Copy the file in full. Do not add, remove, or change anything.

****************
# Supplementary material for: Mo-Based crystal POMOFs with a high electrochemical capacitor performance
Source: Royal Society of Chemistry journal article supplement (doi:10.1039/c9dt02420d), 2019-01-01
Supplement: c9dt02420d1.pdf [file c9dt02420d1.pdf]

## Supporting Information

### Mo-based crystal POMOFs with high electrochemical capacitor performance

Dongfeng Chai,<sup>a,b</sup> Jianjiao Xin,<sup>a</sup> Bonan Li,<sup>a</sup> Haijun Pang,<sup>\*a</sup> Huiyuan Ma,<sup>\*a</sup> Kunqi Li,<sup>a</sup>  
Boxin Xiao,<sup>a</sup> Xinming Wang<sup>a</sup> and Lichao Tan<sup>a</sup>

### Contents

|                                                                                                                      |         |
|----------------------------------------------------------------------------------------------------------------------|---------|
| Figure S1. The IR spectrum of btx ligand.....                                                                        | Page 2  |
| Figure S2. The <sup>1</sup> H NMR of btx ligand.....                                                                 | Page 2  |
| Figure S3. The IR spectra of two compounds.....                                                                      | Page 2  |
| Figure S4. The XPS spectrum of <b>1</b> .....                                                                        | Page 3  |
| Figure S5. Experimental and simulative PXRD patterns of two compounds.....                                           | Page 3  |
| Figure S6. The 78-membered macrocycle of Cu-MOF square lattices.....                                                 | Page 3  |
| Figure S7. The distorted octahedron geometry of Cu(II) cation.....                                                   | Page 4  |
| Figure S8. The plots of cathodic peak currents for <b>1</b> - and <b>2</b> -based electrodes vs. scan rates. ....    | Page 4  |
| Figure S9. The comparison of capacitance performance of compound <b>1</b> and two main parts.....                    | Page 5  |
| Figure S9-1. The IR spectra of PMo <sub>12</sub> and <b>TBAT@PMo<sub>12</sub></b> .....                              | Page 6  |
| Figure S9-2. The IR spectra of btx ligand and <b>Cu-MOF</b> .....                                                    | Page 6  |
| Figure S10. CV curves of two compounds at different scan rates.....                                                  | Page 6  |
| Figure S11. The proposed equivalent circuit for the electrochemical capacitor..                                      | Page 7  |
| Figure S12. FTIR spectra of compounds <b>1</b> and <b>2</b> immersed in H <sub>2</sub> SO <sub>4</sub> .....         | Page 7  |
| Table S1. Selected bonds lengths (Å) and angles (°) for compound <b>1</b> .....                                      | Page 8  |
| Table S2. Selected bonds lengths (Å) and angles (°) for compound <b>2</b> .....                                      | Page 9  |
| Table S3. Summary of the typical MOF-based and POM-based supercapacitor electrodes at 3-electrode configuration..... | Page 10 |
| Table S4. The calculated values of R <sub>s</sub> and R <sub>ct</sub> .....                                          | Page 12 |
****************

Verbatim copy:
# Supplementary material for: Mo-Based crystal POMOFs with a high electrochemical capacitor performance
Source: Royal Society of Chemistry journal article supplement (doi:10.1039/c9dt02420d), 2019-01-01
Supplement: c9dt02420d1.pdf [file c9dt02420d1.pdf]

## Supporting Information

### Mo-based crystal POMOFs with high electrochemical capacitor performance

Dongfeng Chai,<sup>a,b</sup> Jianjiao Xin,<sup>a</sup> Bonan Li,<sup>a</sup> Haijun Pang,<sup>\*a</sup> Huiyuan Ma,<sup>\*a</sup> Kunqi Li,<sup>a</sup>  
Boxin Xiao,<sup>a</sup> Xinming Wang<sup>a</sup> and Lichao Tan<sup>a</sup>

### Contents

|                                                                                                                      |         |
|----------------------------------------------------------------------------------------------------------------------|---------|
| Figure S1. The IR spectrum of btx ligand.....                                                                        | Page 2  |
| Figure S2. The <sup>1</sup> H NMR of btx ligand.....                                                                 | Page 2  |
| Figure S3. The IR spectra of two compounds.....                                                                      | Page 2  |
| Figure S4. The XPS spectrum of <b>1</b> .....                                                                        | Page 3  |
| Figure S5. Experimental and simulative PXRD patterns of two compounds.....                                           | Page 3  |
| Figure S6. The 78-membered macrocycle of Cu-MOF square lattices.....                                                 | Page 3  |
| Figure S7. The distorted octahedron geometry of Cu(II) cation.....                                                   | Page 4  |
| Figure S8. The plots of cathodic peak currents for <b>1</b> - and <b>2</b> -based electrodes vs. scan rates. ....    | Page 4  |
| Figure S9. The comparison of capacitance performance of compound <b>1</b> and two main parts.....                    | Page 5  |
| Figure S9-1. The IR spectra of PMo <sub>12</sub> and <b>TBAT@PMo<sub>12</sub></b> .....                              | Page 6  |
| Figure S9-2. The IR spectra of btx ligand and <b>Cu-MOF</b> .....                                                    | Page 6  |
| Figure S10. CV curves of two compounds at different scan rates.....                                                  | Page 6  |
| Figure S11. The proposed equivalent circuit for the electrochemical capacitor..                                      | Page 7  |
| Figure S12. FTIR spectra of compounds <b>1</b> and <b>2</b> immersed in H <sub>2</sub> SO <sub>4</sub> .....         | Page 7  |
| Table S1. Selected bonds lengths (Å) and angles (°) for compound <b>1</b> .....                                      | Page 8  |
| Table S2. Selected bonds lengths (Å) and angles (°) for compound <b>2</b> .....                                      | Page 9  |
| Table S3. Summary of the typical MOF-based and POM-based supercapacitor electrodes at 3-electrode configuration..... | Page 10 |
| Table S4. The calculated values of R <sub>s</sub> and R <sub>ct</sub> .....                                          | Page 12 |